Location

Olympic Valley — Lake Tahoe, California

Date

28-6-2011

Session

Session 3 – Poster Session A

Abstract

Analyses of real-world tire tread belt detachment and/or sudden air loss events as well as vehicle testing of those events have been presented in scientific literature since the 1990’s. These confirm that such tire failures are complex and semi-random events that produce numerous sensory feedback cues to real-world drivers. These analyses further demonstrate that vehicles representing a full spectrum of steering characteristics are typically controllable and are controlled by drivers both during and after the tire disablement event. In 2003, the National Highway Traffic Administration (NHTSA) sponsored a study using the National Advanced Driving Simulator (NADS) to evaluate the technical hypothesis that there is a correlation between vehicle linear range understeer gradient and the likelihood of control loss when subject drivers experience a simulated tread belt detachment. The NADS subjects “drove” three simulated “vehicles” with different understeer gradients in a simulated tread separation even. The study’s authors reached conclusions regarding the drivers’ ability to control the “vehicles” which were inconsistent with real-world research. This paper presents an analysis of the NADS study performed to identify possible causes of the conflicting results and provides commentary upon several deficiencies noted in the NADS vehicle/tire modeling and validation. A more comprehensive understanding of the reported driver reactions when viewed in light of real vehicle experiments, real-world data, and an understanding of the limitations of the simulations is provided.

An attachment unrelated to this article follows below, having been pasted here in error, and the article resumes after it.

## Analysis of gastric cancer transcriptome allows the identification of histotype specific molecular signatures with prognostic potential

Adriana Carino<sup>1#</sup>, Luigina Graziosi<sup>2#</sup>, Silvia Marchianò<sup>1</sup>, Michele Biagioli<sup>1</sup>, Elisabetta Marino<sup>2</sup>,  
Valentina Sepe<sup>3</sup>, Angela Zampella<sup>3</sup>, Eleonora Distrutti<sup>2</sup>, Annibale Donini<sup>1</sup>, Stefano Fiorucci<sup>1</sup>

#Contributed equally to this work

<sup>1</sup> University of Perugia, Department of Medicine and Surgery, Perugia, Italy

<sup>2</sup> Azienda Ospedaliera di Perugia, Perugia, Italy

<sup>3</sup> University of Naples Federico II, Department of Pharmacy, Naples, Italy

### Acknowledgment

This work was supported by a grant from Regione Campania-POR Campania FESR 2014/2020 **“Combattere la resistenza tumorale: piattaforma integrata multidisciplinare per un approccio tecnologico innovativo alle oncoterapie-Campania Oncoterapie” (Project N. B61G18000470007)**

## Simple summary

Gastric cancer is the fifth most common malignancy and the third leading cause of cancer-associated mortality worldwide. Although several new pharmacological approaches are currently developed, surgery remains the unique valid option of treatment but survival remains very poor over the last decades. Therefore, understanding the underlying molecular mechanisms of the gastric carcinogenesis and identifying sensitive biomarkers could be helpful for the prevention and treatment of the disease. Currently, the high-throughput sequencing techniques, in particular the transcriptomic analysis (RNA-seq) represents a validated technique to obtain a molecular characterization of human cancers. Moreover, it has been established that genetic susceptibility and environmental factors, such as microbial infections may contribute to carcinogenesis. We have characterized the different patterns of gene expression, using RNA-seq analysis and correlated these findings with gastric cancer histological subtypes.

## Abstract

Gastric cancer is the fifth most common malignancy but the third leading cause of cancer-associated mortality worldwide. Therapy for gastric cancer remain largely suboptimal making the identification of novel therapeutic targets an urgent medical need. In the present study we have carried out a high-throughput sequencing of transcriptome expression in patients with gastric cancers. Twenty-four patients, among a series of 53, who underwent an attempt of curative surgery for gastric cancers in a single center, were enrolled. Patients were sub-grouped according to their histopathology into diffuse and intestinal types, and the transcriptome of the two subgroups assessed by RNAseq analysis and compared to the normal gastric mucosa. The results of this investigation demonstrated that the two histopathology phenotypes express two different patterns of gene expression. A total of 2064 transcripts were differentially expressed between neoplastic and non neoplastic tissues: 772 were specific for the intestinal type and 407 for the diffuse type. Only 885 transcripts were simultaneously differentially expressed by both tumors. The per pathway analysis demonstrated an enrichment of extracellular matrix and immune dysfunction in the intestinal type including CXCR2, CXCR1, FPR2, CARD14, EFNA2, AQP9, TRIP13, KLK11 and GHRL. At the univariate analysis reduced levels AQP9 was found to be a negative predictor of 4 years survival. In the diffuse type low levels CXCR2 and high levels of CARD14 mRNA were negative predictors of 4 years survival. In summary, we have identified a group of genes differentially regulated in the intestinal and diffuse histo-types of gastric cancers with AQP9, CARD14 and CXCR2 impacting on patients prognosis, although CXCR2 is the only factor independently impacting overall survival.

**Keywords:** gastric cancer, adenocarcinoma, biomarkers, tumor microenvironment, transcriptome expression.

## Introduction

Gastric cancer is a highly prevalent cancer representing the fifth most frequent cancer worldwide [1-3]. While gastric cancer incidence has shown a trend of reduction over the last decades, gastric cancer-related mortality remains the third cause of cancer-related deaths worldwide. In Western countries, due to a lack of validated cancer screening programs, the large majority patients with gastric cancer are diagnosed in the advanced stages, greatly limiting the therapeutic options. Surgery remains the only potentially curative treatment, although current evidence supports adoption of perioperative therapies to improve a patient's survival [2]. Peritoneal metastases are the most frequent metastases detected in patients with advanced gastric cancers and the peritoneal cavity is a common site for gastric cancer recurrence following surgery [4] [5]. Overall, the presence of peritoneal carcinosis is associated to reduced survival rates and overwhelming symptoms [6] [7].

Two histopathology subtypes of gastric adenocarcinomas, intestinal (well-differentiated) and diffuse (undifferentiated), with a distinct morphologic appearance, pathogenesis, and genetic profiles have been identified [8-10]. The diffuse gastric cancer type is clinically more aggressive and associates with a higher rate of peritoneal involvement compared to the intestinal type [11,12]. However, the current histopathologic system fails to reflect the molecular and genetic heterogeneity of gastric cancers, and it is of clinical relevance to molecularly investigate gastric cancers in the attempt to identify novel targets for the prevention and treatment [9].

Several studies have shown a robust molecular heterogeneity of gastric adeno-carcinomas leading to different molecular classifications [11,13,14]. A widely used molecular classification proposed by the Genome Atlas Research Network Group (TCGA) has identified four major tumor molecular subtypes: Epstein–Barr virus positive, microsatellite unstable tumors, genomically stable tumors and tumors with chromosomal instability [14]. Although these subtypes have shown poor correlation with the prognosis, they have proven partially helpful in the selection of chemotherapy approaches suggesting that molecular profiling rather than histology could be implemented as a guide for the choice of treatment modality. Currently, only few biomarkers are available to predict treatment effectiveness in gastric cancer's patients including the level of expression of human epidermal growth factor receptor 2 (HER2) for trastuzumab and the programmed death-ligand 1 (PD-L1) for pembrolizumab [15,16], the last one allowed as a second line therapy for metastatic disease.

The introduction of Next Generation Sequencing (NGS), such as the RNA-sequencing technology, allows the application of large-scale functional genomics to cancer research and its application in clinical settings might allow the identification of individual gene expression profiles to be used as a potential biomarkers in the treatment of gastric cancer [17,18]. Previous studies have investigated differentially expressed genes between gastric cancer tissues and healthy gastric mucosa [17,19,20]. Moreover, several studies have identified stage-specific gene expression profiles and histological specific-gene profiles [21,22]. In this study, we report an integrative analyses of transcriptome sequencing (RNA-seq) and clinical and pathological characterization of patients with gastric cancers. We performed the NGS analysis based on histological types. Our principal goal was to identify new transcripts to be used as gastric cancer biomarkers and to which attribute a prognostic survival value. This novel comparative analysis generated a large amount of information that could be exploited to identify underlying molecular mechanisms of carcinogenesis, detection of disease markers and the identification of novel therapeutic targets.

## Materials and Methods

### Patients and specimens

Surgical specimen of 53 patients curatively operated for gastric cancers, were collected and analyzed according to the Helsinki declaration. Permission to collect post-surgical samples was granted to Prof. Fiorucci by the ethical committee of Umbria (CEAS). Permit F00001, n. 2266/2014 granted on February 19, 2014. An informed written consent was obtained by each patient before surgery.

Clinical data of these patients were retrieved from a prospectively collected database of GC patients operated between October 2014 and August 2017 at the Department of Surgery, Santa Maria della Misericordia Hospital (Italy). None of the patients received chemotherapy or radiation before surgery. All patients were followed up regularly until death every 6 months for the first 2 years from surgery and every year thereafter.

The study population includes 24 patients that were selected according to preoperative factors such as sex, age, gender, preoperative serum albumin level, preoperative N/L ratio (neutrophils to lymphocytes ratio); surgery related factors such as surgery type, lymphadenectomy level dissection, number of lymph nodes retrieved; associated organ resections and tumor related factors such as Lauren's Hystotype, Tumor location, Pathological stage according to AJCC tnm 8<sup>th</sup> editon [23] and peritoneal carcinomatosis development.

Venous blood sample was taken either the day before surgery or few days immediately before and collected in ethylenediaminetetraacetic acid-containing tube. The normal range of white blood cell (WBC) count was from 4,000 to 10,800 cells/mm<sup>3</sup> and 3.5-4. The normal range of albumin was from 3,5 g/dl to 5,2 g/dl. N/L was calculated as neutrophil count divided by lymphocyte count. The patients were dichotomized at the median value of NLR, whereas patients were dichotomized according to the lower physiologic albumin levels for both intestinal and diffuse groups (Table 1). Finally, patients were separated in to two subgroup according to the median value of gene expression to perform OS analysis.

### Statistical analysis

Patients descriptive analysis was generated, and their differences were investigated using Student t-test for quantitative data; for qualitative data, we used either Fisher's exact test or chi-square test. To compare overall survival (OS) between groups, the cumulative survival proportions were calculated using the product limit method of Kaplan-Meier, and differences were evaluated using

Rights

Copyright © 2011 the author(s)

DC Citation

Proceedings of the Sixth International Driving Symposium on Human Factors in Driver Assessment, Training and Vehicle Design, June 27-30, 2011, Olympic Valley — Lake Tahoe, California. Iowa City, IA: Public Policy Center, University of Iowa, 2011: 136-143.

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Jun 28th, 12:00 AM

An Analysis of Driver Reactions to Tire Failures Simulated with the National
 Advanced Driving Simulator (NADS)

Olympic Valley — Lake Tahoe, California

Analyses of real-world tire tread belt detachment and/or sudden air loss events as well as vehicle testing of those events have been presented in scientific literature since the 1990’s. These confirm that such tire failures are complex and semi-random events that produce numerous sensory feedback cues to real-world drivers. These analyses further demonstrate that vehicles representing a full spectrum of steering characteristics are typically controllable and are controlled by drivers both during and after the tire disablement event. In 2003, the National Highway Traffic Administration (NHTSA) sponsored a study using the National Advanced Driving Simulator (NADS) to evaluate the technical hypothesis that there is a correlation between vehicle linear range understeer gradient and the likelihood of control loss when subject drivers experience a simulated tread belt detachment. The NADS subjects “drove” three simulated “vehicles” with different understeer gradients in a simulated tread separation even. The study’s authors reached conclusions regarding the drivers’ ability to control the “vehicles” which were inconsistent with real-world research. This paper presents an analysis of the NADS study performed to identify possible causes of the conflicting results and provides commentary upon several deficiencies noted in the NADS vehicle/tire modeling and validation. A more comprehensive understanding of the reported driver reactions when viewed in light of real vehicle experiments, real-world data, and an understanding of the limitations of the simulations is provided.